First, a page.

in agreement that reasonable notice is sufficient." (Citations
omitted.) Id. at 742. The issue of whether Mrs. Brookover
notified the insurance company about the accident within a
reasonable time period, given the facts of this particular case, is
a question for the finder of fact. Id.
Youler explained that the purpose of notice provisions in
an insurance policy was to give the insurer an opportunity to make
a timely and adequate investigation of the circumstances
surrounding the accident in question. Id. The authorities are
split as to whether prejudice to the insurer is necessary in order
to deny underinsured or uninsured coverage for delay in notifying
the insurer of the accident.
In an uninsured or underinsured motorist case, prejudice to the investigative interests of the insurer is a factor to be considered, along with the reasons for delay and the length of delay, in determining the overall reasonableness in giving notice of an accident. In the typical case, the insured must put on evidence showing the reason for the delay in giving notice. Once this prerequisite is satisfied, the insurer must then demonstrate that it was prejudiced by the insured's failure to give notice sooner. If the insurer fails to present evidence as to prejudice, then the insured's failure to give notice sooner will not be a bar to the insured's recovery. If the insurer puts on evidence of prejudice, however, the reasonableness of the notice ordinarily becomes a question of fact for the fact finder to decide.
Youler, 396 S.E.2d at syl. pt. 2. This case, however, involves a
straightforward liability claim against the Brookovers policy,
since Mr. Wingrove had no insurance coverage of his own.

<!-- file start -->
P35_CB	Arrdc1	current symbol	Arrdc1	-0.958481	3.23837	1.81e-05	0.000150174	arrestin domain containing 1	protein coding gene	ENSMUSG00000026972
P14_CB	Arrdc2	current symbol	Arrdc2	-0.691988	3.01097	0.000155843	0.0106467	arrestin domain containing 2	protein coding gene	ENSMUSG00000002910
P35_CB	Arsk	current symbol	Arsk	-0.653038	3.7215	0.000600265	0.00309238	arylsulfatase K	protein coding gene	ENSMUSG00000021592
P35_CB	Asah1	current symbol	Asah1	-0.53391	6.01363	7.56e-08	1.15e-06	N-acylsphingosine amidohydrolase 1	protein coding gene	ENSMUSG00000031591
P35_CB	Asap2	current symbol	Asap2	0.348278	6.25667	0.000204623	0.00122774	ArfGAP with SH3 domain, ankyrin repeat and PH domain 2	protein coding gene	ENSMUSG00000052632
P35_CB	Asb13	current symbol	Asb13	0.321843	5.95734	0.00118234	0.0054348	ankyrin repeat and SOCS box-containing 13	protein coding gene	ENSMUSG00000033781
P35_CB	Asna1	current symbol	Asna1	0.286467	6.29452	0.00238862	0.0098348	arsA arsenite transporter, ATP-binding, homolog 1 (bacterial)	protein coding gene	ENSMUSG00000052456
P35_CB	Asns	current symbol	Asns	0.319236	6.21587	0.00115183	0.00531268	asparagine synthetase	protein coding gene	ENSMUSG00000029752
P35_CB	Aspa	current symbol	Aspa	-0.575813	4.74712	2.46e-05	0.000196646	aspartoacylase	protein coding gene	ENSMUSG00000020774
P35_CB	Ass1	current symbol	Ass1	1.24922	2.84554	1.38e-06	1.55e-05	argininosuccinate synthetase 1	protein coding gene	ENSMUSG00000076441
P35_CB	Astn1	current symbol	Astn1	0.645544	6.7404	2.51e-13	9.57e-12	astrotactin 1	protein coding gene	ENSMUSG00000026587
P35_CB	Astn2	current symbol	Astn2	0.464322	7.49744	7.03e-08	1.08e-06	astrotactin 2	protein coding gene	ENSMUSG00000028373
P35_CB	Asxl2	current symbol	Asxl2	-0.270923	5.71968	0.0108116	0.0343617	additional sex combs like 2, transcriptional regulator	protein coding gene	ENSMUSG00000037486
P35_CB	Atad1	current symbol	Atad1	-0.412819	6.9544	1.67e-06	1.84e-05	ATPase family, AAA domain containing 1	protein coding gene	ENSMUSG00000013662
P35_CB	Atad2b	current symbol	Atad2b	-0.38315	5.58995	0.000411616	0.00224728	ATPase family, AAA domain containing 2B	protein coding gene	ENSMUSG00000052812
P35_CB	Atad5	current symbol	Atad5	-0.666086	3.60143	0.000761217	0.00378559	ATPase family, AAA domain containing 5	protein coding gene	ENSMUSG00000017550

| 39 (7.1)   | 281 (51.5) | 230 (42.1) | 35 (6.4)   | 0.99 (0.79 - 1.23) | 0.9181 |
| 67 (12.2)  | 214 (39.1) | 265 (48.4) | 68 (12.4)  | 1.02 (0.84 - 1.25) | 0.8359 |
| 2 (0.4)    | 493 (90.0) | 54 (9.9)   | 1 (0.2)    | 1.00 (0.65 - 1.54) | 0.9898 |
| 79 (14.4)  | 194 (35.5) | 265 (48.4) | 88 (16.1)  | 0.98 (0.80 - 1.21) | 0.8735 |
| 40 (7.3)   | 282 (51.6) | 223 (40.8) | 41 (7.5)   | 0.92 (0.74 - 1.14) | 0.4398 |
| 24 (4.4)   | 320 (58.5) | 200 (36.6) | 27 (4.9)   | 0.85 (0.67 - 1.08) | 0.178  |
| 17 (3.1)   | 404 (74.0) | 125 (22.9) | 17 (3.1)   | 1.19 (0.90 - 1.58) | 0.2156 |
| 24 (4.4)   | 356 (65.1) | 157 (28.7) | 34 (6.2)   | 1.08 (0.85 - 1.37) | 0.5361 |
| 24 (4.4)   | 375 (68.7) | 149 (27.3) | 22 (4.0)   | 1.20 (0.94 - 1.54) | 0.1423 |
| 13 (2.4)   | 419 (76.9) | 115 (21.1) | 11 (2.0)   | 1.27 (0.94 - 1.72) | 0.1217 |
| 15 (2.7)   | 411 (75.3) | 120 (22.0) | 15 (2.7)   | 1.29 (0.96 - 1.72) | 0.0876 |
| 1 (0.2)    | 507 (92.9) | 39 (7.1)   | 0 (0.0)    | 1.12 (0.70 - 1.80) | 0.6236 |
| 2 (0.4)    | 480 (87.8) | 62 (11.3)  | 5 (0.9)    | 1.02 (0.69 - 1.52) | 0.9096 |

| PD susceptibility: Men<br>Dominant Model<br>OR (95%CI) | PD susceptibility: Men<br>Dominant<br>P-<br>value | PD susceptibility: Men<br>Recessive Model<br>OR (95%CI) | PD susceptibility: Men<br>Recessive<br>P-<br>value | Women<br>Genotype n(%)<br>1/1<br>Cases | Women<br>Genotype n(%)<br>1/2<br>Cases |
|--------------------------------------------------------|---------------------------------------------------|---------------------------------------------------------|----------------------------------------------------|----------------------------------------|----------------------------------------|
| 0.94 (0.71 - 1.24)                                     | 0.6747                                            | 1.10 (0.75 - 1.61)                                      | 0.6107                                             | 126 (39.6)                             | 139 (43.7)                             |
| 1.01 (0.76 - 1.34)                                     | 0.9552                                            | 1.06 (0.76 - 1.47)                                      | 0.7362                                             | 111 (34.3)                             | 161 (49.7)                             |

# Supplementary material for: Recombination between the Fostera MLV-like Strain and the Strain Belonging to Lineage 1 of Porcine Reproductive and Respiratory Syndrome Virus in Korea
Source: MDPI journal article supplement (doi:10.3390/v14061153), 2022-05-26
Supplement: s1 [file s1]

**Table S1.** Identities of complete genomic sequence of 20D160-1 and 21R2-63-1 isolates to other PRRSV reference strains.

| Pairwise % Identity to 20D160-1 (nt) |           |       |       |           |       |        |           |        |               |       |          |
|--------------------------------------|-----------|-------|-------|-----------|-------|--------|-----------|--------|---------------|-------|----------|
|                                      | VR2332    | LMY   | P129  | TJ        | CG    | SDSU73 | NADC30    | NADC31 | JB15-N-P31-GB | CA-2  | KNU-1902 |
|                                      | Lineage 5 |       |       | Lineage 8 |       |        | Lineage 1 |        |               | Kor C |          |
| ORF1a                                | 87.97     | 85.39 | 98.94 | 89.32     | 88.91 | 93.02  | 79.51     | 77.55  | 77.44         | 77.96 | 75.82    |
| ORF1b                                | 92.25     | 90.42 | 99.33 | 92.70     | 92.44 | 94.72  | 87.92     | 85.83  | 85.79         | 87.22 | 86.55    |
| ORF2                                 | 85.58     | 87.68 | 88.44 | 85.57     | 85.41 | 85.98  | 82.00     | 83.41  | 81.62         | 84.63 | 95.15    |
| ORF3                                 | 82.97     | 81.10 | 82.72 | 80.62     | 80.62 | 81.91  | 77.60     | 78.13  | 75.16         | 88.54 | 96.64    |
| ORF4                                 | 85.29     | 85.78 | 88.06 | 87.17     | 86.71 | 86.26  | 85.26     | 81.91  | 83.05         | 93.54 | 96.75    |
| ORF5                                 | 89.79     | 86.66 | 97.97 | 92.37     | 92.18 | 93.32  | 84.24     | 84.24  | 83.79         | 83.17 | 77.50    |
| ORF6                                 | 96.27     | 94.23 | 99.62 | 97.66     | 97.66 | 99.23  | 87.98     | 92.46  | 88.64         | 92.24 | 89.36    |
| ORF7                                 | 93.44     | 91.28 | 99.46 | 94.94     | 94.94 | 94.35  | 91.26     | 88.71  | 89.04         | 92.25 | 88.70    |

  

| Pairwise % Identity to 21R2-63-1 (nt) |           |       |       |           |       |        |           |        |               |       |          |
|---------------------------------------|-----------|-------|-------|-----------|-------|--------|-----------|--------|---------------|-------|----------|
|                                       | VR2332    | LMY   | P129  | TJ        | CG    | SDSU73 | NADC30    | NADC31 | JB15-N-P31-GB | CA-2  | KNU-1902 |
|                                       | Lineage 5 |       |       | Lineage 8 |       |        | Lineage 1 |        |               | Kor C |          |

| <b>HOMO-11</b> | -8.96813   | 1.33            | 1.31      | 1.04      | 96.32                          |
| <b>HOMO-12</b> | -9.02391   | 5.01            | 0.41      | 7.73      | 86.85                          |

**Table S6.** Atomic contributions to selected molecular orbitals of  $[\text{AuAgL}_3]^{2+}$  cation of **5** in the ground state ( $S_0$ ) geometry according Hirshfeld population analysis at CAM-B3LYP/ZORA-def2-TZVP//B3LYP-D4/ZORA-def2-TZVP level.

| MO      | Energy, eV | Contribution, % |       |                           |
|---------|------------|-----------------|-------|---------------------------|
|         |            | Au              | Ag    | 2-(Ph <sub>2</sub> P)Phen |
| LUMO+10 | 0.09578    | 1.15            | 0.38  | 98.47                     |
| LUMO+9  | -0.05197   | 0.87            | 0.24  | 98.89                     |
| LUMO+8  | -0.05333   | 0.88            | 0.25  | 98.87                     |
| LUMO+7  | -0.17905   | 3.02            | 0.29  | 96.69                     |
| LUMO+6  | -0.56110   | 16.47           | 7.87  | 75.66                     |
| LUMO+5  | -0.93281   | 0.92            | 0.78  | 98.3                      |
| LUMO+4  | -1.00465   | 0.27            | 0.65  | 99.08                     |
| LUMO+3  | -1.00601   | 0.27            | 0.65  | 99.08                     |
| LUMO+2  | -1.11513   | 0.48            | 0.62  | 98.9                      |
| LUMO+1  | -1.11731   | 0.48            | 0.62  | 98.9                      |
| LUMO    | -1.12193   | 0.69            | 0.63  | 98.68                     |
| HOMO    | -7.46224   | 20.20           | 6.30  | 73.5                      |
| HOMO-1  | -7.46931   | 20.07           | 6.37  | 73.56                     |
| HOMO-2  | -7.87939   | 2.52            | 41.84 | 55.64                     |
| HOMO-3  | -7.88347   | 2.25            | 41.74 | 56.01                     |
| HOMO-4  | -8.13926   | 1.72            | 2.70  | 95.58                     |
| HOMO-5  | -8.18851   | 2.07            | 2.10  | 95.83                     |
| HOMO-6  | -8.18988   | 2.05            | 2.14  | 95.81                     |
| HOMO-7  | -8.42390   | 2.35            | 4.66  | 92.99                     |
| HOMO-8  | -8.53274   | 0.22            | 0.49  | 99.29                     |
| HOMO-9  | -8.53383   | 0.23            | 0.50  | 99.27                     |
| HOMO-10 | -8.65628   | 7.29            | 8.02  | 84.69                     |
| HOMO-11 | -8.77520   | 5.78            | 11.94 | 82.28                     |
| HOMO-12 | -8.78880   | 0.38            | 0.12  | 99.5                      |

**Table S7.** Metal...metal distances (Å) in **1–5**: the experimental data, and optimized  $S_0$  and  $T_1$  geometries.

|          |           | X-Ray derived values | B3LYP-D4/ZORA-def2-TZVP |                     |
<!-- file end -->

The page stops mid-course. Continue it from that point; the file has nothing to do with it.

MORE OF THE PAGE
Unlike underinsured claims, which by definition must
involve another insurance company, a liability claim may not
involve any other insurance company. With no other insurance
companies involved, the insurer is more likely to be prejudiced by
the delay because there is no other party charged with
investigating the accident. Further, the appellant's argument that
the official police investigation should be sufficient for the
insurer's investigative purposes is erroneous. While some of the
information obtained by the State police might be useful in an
insurance investigation, there are other facts relevant to the
policy which the State police would have little or no interest in
In cases which involve liability claims against an
insurer, several factors must be considered before the Court can
determine if the delay in notifying the insurance company will bar
the claim against the insurer. The length of the delay in
notifying the insurer must be considered along with the
reasonableness of the delay. If the delay appears reasonable in
light of the insured's explanation, the burden shifts to the
insurance company to show that the delay in notification prejudiced
their investigation and defense of the claim. If the insurer can
produce evidence of prejudice, then the insured will be held to the
letter of the policy and the insured barred from making a claim
against the insurance company. If, however, the insurer cannot
point to any prejudice caused by the delay in notification, then
the claim is not barred by the insured's failure to notify.